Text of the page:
Though Fran Wilde apparently didn’t make my list of Top 10 Fantasy Authors I’ve Never Read, she has been on my radar but unread for quite a while. Good thing she came out with a middle grade book, rather than the purely adult books that tend to languish on my TBR lists!
Riverland by Fran Wilde. Amulet Books, 2019.
Eleanor and her sister Mike live in a house with lots of rules. If they follow the rules – things like not “bringing trouble home” by talking to people outside the house about what happens at home – the “house magic” will work, replacing things that their father has broken while they sleep. These rules have worked to keep them safe so far, even though the girls hide under the bed telling stories to each other when their father starts throwing things. But now, the rules are getting harder and harder to follow, and even following them isn’t working the way it has in the past.
One part of the change is not unexpected – Eleanor’s neighbor and best friend Pendra begs to visit her house, instead of Eleanor always going to visit Pendra. But even aiming for a visit short enough that the adults won’t notice isn’t enough. They are decidedly unamused, especially because Pendra’s mother, Mrs. Sartri, is the school guidance counselor.
The other change is decidedly unexpected – a river appears under the bed as they’re hiding, sweeping them into Riverland, a country beset by nightmares and in need of their help. They’ll have to figure out the rules of this new country quickly, because the nightmares of Riverland are getting strong and bold, flooding over into the ordinary world.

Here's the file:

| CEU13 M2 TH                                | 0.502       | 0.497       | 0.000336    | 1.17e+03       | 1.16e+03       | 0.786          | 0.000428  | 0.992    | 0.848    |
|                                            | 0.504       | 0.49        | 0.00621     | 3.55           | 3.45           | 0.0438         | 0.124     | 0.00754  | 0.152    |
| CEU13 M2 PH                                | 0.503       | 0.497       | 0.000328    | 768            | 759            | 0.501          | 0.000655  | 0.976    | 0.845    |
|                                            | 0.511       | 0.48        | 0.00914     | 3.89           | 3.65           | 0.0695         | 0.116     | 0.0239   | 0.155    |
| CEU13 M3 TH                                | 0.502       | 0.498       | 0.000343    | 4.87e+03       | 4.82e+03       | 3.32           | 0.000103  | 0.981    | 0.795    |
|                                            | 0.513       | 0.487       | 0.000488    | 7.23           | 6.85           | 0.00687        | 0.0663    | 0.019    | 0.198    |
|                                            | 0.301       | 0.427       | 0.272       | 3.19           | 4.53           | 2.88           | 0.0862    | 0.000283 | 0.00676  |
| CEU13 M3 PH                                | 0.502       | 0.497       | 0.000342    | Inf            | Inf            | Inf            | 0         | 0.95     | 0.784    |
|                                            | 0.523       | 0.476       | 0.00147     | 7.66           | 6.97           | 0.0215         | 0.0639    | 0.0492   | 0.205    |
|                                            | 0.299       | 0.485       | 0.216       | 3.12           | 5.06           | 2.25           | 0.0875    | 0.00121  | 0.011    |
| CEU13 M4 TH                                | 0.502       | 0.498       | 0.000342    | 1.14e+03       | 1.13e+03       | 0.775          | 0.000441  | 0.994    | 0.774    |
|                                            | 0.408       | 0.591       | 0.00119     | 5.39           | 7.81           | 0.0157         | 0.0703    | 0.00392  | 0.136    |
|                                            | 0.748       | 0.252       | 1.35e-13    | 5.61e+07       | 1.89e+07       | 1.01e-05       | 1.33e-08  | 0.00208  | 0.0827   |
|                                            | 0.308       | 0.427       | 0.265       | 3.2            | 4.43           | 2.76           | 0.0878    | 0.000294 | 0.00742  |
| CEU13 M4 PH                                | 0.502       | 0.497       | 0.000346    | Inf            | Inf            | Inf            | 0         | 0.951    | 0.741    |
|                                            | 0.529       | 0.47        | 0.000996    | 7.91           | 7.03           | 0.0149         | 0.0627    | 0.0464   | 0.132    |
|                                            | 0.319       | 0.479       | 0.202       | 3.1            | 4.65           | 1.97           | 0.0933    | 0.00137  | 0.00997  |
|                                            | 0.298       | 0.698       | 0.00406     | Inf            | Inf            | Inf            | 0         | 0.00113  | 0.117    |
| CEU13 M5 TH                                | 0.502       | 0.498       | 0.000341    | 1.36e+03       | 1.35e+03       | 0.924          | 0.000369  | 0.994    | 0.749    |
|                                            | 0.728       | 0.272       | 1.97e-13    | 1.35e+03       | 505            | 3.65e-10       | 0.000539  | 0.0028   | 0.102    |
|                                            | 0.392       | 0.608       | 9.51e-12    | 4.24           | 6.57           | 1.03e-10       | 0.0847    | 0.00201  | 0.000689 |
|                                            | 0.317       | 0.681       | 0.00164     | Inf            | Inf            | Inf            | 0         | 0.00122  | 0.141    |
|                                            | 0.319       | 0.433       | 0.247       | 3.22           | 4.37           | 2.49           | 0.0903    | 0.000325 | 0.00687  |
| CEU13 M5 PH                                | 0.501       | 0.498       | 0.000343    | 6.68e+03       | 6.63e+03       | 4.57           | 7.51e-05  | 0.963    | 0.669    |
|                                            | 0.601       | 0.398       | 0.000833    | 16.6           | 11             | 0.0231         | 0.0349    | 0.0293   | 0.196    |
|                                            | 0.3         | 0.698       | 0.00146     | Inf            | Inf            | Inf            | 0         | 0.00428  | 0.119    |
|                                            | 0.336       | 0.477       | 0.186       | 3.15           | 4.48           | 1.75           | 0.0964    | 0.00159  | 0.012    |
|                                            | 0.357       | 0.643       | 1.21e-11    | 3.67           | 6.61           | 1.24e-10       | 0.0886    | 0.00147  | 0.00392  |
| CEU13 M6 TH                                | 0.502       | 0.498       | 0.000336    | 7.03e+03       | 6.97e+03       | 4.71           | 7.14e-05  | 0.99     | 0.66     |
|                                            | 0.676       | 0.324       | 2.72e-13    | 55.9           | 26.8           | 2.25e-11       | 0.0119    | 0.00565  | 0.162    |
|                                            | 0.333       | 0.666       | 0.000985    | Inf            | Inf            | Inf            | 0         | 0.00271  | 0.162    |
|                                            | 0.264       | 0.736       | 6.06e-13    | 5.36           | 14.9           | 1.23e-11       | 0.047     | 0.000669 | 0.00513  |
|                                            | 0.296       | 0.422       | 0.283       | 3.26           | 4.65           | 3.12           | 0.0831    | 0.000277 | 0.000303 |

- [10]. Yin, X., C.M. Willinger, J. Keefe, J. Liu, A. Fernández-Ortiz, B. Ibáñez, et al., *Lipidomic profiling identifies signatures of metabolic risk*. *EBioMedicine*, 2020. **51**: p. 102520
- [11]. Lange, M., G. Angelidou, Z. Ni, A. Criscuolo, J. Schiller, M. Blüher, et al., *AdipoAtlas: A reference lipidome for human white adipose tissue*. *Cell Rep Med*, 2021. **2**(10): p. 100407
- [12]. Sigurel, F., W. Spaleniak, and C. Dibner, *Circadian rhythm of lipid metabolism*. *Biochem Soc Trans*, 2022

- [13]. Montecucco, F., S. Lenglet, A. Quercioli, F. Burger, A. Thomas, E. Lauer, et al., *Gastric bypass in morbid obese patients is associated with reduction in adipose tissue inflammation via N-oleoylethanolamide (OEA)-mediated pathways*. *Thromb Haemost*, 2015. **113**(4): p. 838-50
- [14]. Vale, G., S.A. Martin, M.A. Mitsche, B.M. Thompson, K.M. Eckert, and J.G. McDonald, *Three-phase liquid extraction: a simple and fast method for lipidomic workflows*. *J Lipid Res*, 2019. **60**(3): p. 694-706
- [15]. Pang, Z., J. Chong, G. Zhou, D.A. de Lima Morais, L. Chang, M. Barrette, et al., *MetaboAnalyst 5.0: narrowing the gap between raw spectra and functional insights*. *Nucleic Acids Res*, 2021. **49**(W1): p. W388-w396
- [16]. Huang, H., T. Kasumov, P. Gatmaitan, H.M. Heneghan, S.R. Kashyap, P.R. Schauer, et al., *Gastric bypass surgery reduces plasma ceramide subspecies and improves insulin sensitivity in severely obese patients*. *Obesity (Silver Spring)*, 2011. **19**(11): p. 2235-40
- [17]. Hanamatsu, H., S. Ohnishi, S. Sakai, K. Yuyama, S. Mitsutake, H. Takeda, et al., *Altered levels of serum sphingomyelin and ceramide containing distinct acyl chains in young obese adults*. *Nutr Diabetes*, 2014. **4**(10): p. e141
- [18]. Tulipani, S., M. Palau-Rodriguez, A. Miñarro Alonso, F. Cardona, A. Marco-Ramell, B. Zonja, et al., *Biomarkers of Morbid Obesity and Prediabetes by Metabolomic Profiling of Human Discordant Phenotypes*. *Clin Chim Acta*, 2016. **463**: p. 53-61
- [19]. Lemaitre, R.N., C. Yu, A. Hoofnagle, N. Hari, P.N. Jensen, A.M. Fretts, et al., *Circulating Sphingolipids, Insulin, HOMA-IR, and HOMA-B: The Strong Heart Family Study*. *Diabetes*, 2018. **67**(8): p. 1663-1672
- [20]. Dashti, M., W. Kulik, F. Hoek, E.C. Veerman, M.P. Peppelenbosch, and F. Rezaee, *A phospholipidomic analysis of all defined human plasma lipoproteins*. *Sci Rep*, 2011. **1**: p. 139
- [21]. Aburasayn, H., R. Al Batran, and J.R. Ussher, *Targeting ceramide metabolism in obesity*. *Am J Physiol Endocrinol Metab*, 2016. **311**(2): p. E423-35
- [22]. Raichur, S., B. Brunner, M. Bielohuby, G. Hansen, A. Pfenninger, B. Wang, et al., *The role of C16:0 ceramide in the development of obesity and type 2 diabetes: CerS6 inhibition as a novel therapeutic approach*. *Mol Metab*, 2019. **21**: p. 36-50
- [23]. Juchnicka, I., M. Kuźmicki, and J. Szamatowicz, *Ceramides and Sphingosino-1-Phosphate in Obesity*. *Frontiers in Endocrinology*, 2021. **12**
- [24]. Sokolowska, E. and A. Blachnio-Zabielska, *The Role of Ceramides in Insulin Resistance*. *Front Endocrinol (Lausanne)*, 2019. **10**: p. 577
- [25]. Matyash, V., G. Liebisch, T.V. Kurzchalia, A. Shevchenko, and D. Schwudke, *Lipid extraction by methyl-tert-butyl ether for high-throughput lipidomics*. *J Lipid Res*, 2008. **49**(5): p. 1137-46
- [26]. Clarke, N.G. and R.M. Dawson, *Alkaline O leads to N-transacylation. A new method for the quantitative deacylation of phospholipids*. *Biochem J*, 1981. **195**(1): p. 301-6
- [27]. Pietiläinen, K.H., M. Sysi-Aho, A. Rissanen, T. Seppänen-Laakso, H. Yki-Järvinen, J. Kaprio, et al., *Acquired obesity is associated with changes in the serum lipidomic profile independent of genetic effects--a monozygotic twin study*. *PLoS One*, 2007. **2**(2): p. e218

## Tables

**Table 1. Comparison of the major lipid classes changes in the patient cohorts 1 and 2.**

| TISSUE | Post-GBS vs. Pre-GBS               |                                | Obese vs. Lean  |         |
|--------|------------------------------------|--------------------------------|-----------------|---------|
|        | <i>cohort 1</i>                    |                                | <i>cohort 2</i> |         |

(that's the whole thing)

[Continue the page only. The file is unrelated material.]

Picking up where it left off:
There is a lot here about sisters, obviously, as Eleanor tries to protect Mike. And though their “house magic” may not have been real magic, there is real magic here, both in Riverland and in the real world. Here again we have a fantasy novel tackling some really tough subjects, including Eleanor recognizing that her father’s behavior is abusive even if it isn’t the kind of abuse she recognizes from TV. (Read more about this in Fran Wilde’s column at the Book Smugglers.) I loved that the children had choices and agency here, and that they’re shown as middle class white family, wealthy enough to replace all the frequently broken things, showing the truth that abuse is an abuse issue, not a race or class issue, however uncomfortable that is. And though I’m focusing on that tough issue, there is enough time in the magical world and away from the abuse that the book as a whole didn’t feel weighed down to me. I could write more about the coolness of the magic and of Riverland, but I think I’ll let you discover it for yourself.